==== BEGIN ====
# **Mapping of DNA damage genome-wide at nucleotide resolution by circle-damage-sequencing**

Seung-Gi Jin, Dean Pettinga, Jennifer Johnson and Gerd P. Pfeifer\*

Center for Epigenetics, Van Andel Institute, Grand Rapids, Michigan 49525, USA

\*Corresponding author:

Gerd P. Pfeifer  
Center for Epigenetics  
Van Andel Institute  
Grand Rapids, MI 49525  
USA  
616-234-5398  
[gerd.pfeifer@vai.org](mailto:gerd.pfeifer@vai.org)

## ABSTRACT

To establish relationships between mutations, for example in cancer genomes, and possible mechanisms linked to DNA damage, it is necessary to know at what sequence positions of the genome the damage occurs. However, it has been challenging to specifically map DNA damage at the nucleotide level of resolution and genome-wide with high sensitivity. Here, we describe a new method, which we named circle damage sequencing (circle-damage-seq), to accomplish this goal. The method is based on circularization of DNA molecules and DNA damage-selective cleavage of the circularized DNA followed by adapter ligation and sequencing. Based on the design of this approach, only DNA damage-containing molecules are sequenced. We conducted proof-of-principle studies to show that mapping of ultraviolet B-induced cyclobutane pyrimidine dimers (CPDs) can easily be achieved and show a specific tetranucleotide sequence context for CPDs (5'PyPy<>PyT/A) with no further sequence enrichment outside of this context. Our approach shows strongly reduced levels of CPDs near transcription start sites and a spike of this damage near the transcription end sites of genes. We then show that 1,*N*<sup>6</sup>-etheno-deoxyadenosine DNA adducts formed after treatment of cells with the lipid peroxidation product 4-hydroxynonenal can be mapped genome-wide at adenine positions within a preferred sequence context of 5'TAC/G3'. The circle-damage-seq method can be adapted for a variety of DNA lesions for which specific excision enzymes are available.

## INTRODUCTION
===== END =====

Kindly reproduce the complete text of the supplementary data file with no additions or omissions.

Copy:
# **Mapping of DNA damage genome-wide at nucleotide resolution by circle-damage-sequencing**

Seung-Gi Jin, Dean Pettinga, Jennifer Johnson and Gerd P. Pfeifer\*

Center for Epigenetics, Van Andel Institute, Grand Rapids, Michigan 49525, USA

\*Corresponding author:

Gerd P. Pfeifer  
Center for Epigenetics  
Van Andel Institute  
Grand Rapids, MI 49525  
USA  
616-234-5398  
[gerd.pfeifer@vai.org](mailto:gerd.pfeifer@vai.org)

## ABSTRACT

To establish relationships between mutations, for example in cancer genomes, and possible mechanisms linked to DNA damage, it is necessary to know at what sequence positions of the genome the damage occurs. However, it has been challenging to specifically map DNA damage at the nucleotide level of resolution and genome-wide with high sensitivity. Here, we describe a new method, which we named circle damage sequencing (circle-damage-seq), to accomplish this goal. The method is based on circularization of DNA molecules and DNA damage-selective cleavage of the circularized DNA followed by adapter ligation and sequencing. Based on the design of this approach, only DNA damage-containing molecules are sequenced. We conducted proof-of-principle studies to show that mapping of ultraviolet B-induced cyclobutane pyrimidine dimers (CPDs) can easily be achieved and show a specific tetranucleotide sequence context for CPDs (5'PyPy<>PyT/A) with no further sequence enrichment outside of this context. Our approach shows strongly reduced levels of CPDs near transcription start sites and a spike of this damage near the transcription end sites of genes. We then show that 1,*N*<sup>6</sup>-etheno-deoxyadenosine DNA adducts formed after treatment of cells with the lipid peroxidation product 4-hydroxynonenal can be mapped genome-wide at adenine positions within a preferred sequence context of 5'TAC/G3'. The circle-damage-seq method can be adapted for a variety of DNA lesions for which specific excision enzymes are available.

## INTRODUCTION